"I recognize in thieves, traitors and murderers, in the ruthless and the cunning, a deep beauty-a sunken beauty." (Jean Genet)
"I'm homosexual... How and why are idle questions. It's a little like wanting to know why my eyes are green." (Jean Genet)
A nod of acknowledgement and understanding should descend upon every head that has read Querelle and is aware that Jean Genet is the author after looking at the above two quotes. Genet’s fiction might after all be a coalition of artistically twisted facts. The nod might grow more vigorous after a quick skim through even the most basic of the French writer’s biography. It is then that the acknowledgement and understanding combine into generalization that an author’s life somehow reflects through his work. It is precisely when a reader is exposed to Genet’s history that Querelle begins to strip out of its secrets. Suddenly the protagonist can be sympathized, Nono’s feminine bursts seem consistent with the plot and Genet himself could be seen between lines. Historicism plays a significant role in a greater appreciation of an artist’s composition.
Having lived a life of a criminal from the age of 10 , Genet is to a frightening degree Querelle himself. His serving at the Mettray Reformatory and his life as a thief, a burglar, and a prostitute enhances the Querelle in him. Even his hero’s name apparently has a streak of his sexual orientation as Sartre points out that Genet himself as a writer is extremely specific about names. His friend shares an account where Genet mentions how he does not like roses but cherishes the name itself. The event in which a person begins to visualize the being of a word in the word itself distinguishes Genet’s complex character, yet again adding to his genius. This inclination can be seen in the naming of his protagonists, or rather the term ‘heroes’ would be more suiting in this particular scenario concerning how Genet delivers a ring of honorable valor to their actions. Despite the fact that we can dwell on most of them, since we are specifically studying Querelle, it seems more appropriate to use an instance from that work. The name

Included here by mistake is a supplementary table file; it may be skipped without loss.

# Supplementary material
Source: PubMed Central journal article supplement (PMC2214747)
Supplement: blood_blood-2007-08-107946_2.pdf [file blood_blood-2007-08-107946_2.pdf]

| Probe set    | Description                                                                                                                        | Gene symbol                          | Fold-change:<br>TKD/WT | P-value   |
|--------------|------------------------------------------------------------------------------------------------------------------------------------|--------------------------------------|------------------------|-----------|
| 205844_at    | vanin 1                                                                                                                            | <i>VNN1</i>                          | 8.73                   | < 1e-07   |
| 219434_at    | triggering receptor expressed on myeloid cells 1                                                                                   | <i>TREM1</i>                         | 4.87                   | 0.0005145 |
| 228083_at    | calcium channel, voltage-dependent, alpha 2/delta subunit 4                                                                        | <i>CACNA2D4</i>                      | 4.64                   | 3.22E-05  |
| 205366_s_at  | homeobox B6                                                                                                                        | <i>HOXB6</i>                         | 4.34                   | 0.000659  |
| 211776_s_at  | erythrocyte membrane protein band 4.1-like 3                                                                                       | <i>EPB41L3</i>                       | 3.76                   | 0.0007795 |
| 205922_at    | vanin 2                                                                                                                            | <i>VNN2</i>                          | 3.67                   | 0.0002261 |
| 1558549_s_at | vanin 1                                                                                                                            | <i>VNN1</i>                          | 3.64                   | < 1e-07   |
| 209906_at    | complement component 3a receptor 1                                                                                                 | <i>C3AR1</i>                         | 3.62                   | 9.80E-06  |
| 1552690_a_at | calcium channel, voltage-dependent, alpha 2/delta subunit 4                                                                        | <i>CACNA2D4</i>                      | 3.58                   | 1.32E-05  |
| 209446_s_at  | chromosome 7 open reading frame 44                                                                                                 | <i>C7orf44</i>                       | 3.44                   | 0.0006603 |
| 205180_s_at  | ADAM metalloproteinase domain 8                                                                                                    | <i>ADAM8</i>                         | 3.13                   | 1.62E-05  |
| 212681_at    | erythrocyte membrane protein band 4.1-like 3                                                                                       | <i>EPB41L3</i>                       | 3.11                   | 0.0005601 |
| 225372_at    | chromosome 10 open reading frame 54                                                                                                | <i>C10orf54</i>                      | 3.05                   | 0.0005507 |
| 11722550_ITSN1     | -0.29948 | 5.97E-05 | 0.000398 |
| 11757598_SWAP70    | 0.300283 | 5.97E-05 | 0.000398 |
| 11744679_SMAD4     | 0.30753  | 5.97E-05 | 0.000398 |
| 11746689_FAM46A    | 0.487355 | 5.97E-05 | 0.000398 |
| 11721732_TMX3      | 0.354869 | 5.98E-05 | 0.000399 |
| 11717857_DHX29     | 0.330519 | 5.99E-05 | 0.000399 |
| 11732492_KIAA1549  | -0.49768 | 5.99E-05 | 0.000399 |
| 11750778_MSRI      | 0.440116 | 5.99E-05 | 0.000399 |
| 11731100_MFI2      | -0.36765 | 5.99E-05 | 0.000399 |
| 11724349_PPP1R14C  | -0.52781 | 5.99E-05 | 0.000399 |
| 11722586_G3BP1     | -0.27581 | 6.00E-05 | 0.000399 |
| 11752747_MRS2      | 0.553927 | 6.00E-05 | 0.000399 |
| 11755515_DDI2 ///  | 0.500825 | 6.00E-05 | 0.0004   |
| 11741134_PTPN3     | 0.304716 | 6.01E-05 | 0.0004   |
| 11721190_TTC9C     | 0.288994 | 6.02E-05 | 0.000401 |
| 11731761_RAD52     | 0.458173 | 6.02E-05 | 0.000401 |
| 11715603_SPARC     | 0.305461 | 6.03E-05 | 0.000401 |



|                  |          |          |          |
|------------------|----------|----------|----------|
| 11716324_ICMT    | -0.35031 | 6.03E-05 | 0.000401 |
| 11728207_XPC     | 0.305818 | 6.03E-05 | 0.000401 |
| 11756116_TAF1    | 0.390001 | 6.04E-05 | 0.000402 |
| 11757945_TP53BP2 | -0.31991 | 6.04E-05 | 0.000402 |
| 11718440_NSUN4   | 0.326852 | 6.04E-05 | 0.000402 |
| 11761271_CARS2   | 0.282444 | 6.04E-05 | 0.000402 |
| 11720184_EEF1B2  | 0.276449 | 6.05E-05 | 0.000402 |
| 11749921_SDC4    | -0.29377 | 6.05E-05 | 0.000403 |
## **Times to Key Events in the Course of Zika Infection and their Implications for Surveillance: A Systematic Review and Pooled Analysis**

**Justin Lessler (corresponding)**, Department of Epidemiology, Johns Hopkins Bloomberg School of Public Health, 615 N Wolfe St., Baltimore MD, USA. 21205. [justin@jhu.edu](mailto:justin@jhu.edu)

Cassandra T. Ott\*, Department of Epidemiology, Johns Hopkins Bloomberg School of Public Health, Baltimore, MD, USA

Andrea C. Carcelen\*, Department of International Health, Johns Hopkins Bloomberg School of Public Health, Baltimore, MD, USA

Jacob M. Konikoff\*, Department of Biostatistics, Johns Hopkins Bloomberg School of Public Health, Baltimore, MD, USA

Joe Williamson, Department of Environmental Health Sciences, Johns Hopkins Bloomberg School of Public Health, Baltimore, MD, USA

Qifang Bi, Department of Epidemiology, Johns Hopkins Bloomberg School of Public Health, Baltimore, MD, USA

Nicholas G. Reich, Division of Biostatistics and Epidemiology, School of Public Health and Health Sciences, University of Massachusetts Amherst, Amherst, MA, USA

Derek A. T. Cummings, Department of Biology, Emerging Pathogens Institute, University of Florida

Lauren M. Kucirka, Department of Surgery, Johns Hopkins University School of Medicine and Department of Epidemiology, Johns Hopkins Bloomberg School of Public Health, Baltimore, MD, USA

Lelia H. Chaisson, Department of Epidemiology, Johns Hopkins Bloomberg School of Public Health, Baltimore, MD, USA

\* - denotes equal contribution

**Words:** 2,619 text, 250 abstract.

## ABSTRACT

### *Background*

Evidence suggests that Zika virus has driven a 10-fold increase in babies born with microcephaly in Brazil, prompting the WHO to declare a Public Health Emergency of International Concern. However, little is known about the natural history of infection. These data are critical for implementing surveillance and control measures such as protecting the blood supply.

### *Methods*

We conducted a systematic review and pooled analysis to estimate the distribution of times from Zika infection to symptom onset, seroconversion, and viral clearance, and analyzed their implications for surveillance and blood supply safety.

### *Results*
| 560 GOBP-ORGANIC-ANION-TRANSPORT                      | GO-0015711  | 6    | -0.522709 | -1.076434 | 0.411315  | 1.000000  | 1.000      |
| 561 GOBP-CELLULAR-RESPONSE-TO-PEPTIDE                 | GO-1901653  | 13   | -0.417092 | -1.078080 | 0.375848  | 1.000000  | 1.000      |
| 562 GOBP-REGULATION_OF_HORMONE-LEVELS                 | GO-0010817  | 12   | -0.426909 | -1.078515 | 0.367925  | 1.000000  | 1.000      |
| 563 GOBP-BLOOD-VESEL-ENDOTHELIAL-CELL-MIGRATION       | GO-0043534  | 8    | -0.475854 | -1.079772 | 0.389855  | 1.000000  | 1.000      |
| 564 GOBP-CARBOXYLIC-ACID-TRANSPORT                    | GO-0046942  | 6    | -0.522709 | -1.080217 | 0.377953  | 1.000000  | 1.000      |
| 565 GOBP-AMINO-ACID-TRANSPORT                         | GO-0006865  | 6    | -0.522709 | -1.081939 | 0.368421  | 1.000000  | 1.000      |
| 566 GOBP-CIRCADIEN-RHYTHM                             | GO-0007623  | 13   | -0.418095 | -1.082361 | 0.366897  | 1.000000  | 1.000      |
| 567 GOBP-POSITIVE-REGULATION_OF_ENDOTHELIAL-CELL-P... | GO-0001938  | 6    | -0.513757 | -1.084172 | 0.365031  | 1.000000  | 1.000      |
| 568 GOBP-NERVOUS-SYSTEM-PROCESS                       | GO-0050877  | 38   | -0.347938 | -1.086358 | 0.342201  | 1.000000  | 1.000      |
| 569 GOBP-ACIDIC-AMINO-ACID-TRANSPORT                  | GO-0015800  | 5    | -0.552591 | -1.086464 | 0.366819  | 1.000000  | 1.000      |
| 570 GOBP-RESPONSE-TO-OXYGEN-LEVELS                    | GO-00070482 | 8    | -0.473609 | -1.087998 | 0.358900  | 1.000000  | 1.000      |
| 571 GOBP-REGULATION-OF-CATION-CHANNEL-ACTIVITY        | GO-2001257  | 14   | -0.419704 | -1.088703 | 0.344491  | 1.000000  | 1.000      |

Querelle, beginning with a rather loud, obnoxious and to the most part a masculine accentuation, however, ends with a ‘flexional’ suffix ‘elle’ which without a question rings a feminine root to any Latin-exposed ear. Though there is a counter argument waiting in the coming passages, emasculation is the most comprehended if not accepted way of depicting gay relations.
Then again, it is not only the homoerotic part of his work that has gained successful notoriety but there comes a moment when critics shuffle around considering whether to call his novel a work of art or an embodiment of rationally twisted morals. Genet does not feel the need to justify his love for criminality: "I recognize in thieves, traitors and murderers, in the ruthless and the cunning, a deep beauty-a sunken beauty”. However, it seems that only a reader who has...